We’d have to climb the steps in between our grief for Prince’s sudden passing and our gratitude for his music. As Bobby Z so eloquently put it, this 2017 tour was a “seance of joy.”

Only mountains and the sea

Tears did cascade that first night, particularly when Wendy Melvoin and Lisa Coleman (keyboardist) performed the now prophetic elegy Sometimes It Snows In April. A girl near me sobbed and dug her head into her friend’s shoulder. We stood in sacred silence, transmitting our strength to Wendy as she soldiered through.

Backstage, Bobby Z, BrownMark and Dr. Fink (keyboardist) have been finding their way to cope with this heavy moment. They shared:

“(It’s) quiet. It’s just a moment of silence, of heavy reminder of what’s going on here. It’s the words that make it difficult. The lyrics are just so haunting, given the author.” – Bobby Z.

“It gets easier to hear it without being choked up. You know those initial times performing it…doing it like at First Avenue, as well as at Paisley Park when we kicked off the tour…you can lose it very easily. It wasn’t easy there you know. In the audience there everybody’s in tears.” – Dr. Fink

“I just go to the dressing room. I don’t listen, and turn my ears off. I don’t listen because I just can’t. I can’t do it. Not every night. Once in a while I’ll listen (to) see how they’re doing, but most of the time I just turn it off.” – BrownMark

He said the sea would 1 day overflow with all your tears,
And love will always leave u lonely
But I say it’s only mountains and the sea
Love will conquer if u just believe
– from “Mountains”, off Prince and the Revolution’s album “Parade”

The band’s decision to perform Sometimes It Snows In April, and to embark on this tour at all, is a deep expression of their love for Prince. They also hold a deep conviction that performing his music helps them feel better and, in turn, helps his fans heal.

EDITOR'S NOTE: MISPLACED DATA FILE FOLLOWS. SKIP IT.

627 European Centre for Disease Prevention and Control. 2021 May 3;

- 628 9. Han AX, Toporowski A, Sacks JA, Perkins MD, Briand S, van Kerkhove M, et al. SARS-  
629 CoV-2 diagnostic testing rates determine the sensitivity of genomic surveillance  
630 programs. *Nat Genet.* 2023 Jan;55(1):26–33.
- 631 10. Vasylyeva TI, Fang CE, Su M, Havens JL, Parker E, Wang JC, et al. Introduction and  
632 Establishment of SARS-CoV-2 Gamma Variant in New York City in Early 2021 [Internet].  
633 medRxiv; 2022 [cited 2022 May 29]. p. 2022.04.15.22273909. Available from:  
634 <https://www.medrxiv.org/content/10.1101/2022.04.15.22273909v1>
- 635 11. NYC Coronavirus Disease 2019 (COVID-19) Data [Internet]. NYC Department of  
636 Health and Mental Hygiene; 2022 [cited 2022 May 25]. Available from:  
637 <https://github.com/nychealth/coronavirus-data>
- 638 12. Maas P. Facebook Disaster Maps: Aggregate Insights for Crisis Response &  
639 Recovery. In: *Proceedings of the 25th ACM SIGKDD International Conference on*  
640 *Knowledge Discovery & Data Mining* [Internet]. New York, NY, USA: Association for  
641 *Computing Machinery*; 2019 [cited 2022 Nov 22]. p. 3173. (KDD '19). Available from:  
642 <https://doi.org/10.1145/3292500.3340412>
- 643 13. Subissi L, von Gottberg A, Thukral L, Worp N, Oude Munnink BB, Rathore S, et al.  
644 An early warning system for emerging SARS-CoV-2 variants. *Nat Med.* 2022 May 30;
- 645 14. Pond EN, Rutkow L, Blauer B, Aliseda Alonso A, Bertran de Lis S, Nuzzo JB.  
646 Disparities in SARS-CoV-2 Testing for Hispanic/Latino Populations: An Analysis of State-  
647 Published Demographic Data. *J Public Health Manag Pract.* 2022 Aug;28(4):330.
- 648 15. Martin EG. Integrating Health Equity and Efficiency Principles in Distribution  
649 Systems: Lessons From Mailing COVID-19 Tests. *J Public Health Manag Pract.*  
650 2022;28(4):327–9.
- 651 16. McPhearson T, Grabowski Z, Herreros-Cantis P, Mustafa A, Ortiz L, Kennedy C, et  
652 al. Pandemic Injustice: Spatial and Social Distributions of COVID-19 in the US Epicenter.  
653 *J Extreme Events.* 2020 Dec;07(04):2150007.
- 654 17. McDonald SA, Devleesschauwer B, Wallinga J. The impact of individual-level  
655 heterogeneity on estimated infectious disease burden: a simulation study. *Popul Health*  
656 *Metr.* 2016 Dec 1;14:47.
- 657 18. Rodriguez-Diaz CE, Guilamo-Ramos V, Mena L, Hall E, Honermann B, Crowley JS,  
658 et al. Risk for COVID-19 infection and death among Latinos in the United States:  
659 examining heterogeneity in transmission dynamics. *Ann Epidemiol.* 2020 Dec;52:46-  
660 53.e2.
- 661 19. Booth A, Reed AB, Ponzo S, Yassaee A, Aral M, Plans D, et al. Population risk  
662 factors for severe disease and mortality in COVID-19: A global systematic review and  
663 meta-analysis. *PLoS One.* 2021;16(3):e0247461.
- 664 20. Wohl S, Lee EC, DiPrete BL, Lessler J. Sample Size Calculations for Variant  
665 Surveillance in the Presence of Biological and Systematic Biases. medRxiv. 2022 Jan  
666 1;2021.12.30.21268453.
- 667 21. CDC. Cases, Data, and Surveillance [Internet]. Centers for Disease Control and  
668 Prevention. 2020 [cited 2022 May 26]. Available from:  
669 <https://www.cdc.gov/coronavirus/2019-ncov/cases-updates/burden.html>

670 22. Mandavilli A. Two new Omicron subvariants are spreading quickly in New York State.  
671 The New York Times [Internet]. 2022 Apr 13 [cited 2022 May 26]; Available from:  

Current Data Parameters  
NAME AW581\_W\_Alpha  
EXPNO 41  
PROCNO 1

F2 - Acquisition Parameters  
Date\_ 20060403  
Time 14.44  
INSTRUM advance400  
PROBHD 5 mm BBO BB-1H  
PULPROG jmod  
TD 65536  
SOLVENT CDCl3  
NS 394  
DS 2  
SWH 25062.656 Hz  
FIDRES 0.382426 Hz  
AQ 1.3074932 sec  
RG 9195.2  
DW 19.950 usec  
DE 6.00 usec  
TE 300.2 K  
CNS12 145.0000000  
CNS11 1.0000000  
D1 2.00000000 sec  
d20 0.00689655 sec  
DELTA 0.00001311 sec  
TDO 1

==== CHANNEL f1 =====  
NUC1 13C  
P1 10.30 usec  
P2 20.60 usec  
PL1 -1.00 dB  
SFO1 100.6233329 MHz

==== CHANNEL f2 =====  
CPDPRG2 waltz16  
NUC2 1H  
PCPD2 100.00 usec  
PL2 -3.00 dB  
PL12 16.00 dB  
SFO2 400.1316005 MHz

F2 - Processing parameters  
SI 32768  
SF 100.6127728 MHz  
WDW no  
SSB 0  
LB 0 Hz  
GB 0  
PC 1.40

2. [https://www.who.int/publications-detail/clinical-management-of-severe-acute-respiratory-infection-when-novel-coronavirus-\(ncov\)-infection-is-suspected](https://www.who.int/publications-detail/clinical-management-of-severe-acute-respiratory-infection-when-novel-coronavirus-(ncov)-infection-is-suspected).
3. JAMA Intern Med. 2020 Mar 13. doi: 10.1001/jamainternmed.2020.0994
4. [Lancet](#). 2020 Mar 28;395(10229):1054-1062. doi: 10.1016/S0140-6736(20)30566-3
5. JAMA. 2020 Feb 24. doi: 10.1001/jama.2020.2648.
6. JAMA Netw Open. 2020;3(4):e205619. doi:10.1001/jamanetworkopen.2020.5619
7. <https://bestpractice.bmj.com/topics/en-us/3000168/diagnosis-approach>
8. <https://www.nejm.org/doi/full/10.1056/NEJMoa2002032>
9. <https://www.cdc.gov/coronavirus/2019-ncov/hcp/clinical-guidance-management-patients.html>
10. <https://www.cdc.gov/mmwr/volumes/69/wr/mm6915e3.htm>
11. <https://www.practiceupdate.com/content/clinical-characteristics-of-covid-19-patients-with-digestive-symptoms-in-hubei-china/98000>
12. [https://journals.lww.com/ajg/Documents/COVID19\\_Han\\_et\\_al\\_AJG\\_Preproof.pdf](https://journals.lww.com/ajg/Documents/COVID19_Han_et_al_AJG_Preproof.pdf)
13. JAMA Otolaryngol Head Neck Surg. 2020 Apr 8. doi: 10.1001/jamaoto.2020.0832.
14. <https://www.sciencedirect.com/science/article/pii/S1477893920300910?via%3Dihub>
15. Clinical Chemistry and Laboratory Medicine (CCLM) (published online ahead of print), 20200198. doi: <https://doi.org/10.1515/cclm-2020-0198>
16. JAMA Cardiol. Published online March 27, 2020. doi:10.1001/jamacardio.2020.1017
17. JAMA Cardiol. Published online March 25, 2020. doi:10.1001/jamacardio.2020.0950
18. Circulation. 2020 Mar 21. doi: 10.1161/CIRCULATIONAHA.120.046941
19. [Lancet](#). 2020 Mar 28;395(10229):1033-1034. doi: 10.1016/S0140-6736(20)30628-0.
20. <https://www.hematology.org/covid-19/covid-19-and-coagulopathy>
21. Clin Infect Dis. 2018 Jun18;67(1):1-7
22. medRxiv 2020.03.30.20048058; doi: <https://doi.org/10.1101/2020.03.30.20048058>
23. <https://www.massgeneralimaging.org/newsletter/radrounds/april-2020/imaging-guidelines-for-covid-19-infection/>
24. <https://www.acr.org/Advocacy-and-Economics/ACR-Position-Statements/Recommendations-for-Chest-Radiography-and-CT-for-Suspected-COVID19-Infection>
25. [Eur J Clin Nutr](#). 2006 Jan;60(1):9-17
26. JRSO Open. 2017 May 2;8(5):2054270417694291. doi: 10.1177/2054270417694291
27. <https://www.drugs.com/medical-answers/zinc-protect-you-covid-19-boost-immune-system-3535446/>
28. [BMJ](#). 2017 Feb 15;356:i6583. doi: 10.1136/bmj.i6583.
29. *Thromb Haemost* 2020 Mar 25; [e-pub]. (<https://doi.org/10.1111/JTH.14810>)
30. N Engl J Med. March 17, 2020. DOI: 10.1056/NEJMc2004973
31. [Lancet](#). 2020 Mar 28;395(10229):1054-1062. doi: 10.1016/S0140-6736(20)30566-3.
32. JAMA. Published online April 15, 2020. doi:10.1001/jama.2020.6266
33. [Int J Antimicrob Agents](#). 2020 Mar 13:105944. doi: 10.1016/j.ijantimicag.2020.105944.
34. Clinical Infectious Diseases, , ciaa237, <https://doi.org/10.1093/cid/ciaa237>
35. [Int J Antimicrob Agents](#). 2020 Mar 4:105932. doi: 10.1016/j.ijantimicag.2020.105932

By the second night (Jul 12), that healing mojo was seeping in. The heaviness seemed to have evaporated and morphed into a sustained celebration. The iconic opening chords of Let’s Go Crazy and Purple Rain evoked screams of delight.

“These songs belong to you now!” Wendy cried out to us before they played Mountains. “Take them back and sing them loud.”

It all made sense. This was now our legacy to love, to honor and to pass on. We weren’t there to simply listen to the Revolution. They were there to back us up.

Wendy had stated as much. “We’re giving it right back to the fans. We’re their pit men. We’re the band, they’re the singers.”

And boy did we sing. We knew every lyric, every “UHOAAH” yelp, every “oh yeah”, every choreographed hand gesture. Wendy would go off mic every now and then, cupping her hand behind her ear, inviting us to sing the next pulsating phrase. Just like Prince had. Just like the Revolution now would. For us. With us. Because of us.

The love in the room was conquering the mountains of our grief and the sea of our tears. Out of the corner of my eye, I saw a girl hold her hands up in worship, two graceful antennae waving the music into her, filling herself with the joy we were now determined to feel.

Good times were rolling
White, Black, Puerto Rican
Everybody just a-freakin’
Good times were rolling
– from “Uptown”, off Prince’s album “Dirty Mind”

End of part 1. Read part 2 here.

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About the author

Maya Mathias

Maya Mathias is a global leadership veteran, with a life and career spanning 3 continents and 5 inspired self-reinventions. She is a peaceful leadership advocate and mentor, bringing her unique blend of East & West to her leadership development and innovation management practice. Maya’s life began with a lower-middle class upbringing in Asia, surrounded by poultry & vegetable farms and the ‘simple life’. She doesn’t forget her humble roots, and her body of work seeks to bring more equality, justice and personal purpose in troubling times. Learn more about Maya here.